Matthew Seed, chief executive officer of Wavegen said the Siadar Wave Energy Project was a major step in the development of the wave energy industry in Scotland and worldwide: “Wavegen’s proven technology will now be employed at full commercial scale, paving the way for real cost efficiencies which will bring the cost of wave energy closer to that of more established technologies.”
I can’t help but wonder how popular wave power will be be compared to wind power for politicians, and those with their own agenda for publicity. While it’s easy to stand beside a huge wind turbine or wind farm with a cheesy grin on your face and point “your” achievement, or look glum and complain about the ruined land, it’s not quite so easy to point proudly at a simple breakwater (which will probably benefit the nearby community in many cases), or complain about the amount of land taken up by the turbine, which will be little more than the size of a small conventional power station. Still, I’m sure some spin-doctor will invent something, if needed (and probably take home a 5-figure fee as well).
One of the great mysteries which has preyed on my mind, for some years now, has been the lack of a charging socket on petrol-electric hybrid vehicles such as the Toyota Pious… what? oh, sorry, Toyota Prius. Widely touted as some sort of miracle, if driven normally (by which I simply mean someone not trying to eke every mile out of each tankful) , then the consumption matches that of any other car with the same size engine – not really a surprise to any engineer as the car’s petrol-electric system is a closed loop. The battery is charged by the engine, so battery mileage still comes out of the tank, and losses in the system account for any contribution that regenerative might make. Regen doesn’t count since anyone with a light foot on the brakes will get very little from that source.
The Prius is generally considered to be nothing more than a Fashion Statement by those who analyse it for themselves, and ignore the hype.
Don’t take my word for it, there are plenty of independent reports to be found on the web, prepared by people with no connection to Toyota, or any other manufacturer, but who have simply been disillusioned by the Pious. And, having to drive it a particular way is no excuse.
As I noted at the start, one of the stunning omissions from cars like the Prius, and all the other hybrids so far as I can recall, has been the complete absence of a charging socket. Instead of being able to plug the car in overnight and charge the battery, the only to charge the battery in a hybrid like the Prius has been to take the thing out for a run.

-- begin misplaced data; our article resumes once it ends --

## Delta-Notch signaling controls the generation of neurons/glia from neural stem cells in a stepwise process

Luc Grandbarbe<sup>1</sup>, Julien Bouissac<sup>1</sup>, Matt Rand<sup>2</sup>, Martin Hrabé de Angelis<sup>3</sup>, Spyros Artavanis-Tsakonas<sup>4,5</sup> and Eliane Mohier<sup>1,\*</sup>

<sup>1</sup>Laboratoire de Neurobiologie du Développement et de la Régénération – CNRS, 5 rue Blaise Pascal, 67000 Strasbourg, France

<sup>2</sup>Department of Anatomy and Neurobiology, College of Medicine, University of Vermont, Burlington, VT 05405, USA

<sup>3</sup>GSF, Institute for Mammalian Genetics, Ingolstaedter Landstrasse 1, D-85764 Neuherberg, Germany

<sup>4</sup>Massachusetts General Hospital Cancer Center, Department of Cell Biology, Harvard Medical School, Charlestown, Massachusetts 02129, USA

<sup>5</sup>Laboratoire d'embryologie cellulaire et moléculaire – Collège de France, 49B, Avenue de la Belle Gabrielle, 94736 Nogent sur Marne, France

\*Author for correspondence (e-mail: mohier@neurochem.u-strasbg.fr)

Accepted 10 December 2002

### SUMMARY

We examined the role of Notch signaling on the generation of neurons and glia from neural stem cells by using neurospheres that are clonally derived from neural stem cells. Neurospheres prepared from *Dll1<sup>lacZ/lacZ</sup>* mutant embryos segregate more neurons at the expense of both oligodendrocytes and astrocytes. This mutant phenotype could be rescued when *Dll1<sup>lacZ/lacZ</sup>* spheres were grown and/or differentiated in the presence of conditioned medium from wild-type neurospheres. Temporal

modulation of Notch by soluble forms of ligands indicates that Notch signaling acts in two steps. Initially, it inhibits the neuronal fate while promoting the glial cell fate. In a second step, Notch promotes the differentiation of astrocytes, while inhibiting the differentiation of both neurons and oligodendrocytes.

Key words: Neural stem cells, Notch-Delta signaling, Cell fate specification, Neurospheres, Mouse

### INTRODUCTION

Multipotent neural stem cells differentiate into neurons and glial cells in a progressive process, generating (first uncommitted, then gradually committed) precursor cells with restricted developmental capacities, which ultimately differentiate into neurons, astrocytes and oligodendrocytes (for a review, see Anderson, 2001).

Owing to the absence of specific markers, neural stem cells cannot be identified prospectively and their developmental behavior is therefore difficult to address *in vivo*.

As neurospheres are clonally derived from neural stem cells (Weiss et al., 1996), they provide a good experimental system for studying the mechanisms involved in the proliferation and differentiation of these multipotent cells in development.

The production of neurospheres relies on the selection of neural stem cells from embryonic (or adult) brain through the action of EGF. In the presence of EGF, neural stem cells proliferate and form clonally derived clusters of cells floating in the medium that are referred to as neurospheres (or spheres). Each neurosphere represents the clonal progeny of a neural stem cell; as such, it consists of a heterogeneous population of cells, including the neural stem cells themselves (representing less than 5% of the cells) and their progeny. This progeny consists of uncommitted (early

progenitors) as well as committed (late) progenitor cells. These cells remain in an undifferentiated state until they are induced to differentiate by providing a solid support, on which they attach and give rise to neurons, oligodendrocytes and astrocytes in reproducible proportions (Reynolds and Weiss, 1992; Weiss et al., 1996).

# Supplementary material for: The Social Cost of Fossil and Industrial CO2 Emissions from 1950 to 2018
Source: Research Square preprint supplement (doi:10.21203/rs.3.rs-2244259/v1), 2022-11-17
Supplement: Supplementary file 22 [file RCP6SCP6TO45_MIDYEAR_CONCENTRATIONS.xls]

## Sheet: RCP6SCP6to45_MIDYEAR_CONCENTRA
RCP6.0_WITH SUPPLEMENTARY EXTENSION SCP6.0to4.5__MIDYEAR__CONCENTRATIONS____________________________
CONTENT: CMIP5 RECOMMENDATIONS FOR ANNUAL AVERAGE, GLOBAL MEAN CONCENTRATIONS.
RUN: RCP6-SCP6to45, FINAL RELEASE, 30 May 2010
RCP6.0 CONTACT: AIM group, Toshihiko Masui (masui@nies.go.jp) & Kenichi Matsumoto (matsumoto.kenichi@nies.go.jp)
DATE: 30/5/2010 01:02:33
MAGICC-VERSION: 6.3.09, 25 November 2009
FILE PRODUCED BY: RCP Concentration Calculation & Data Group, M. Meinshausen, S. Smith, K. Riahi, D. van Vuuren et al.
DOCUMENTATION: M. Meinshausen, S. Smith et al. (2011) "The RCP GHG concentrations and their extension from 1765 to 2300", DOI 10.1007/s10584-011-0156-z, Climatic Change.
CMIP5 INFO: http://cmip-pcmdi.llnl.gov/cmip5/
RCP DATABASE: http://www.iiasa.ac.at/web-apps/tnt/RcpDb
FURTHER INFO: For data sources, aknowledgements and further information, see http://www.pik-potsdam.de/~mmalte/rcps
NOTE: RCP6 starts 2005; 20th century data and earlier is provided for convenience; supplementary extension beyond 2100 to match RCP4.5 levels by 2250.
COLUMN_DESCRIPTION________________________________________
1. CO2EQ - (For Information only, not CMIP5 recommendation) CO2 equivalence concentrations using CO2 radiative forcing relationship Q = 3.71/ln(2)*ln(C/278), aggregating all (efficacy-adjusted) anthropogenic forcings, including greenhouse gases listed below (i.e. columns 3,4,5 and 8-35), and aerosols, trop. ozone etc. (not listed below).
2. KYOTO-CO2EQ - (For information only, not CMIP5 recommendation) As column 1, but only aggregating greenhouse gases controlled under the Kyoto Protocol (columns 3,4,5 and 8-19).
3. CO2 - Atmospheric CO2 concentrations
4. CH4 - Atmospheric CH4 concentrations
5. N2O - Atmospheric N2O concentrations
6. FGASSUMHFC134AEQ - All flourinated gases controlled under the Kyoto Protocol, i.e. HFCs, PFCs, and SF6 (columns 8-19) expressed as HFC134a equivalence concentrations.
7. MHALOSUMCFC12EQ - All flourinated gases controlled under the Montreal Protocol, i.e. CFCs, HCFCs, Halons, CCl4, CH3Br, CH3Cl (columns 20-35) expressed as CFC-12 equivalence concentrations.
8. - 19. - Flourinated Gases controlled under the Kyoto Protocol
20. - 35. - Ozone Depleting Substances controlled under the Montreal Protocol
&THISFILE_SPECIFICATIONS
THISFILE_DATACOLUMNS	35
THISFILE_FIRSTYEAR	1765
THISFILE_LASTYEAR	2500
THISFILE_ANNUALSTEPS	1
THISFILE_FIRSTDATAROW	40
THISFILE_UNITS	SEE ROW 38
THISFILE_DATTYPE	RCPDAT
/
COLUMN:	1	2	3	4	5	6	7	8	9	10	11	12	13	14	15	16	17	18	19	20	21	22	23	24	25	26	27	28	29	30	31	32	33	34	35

A BBC news report spotted today might provide the answer. While I can’t get a straight answer from the car’s data, the BBC reporter claims a Prius runs out of battery power after travelling about six miles. The car’s data for the most recent model with improved efficiency and a smaller and lighter NiMH battery shows it has a 200 volt, 1,300 Ah battery combined with a 50 kW electric motor. I’ve no idea what efficiency their control system has, so we have to make some guesses now. While the bare numbers suggest the batteries would run the motor for about half an hour, that assumes a flat discharge curve, and that the motor would run acceptably right up to the last minute, and we know that is wrong as the end of the discharge curve will tail off, leaving the motor running unacceptably slowly. There’s another twist in the data, as the battery is only charged to a maximum of 60% of capacity, in an attempt to extend its life. Without trying too hard, it looks as if we’ve managed to work out that a Pious will only run for 15 minutes, or less, on battery. And in the real world, with transmission and control losses, this will be even less.
If we’re remotely correct, it’s not hard to see why independent experts have christened it a Fashion Statement, and why they’ve never bothered to fit a charging socket. The Prius really is a sop to making a petrol car meet low emission regulations, not to the provision of an alternative power source or renewable power.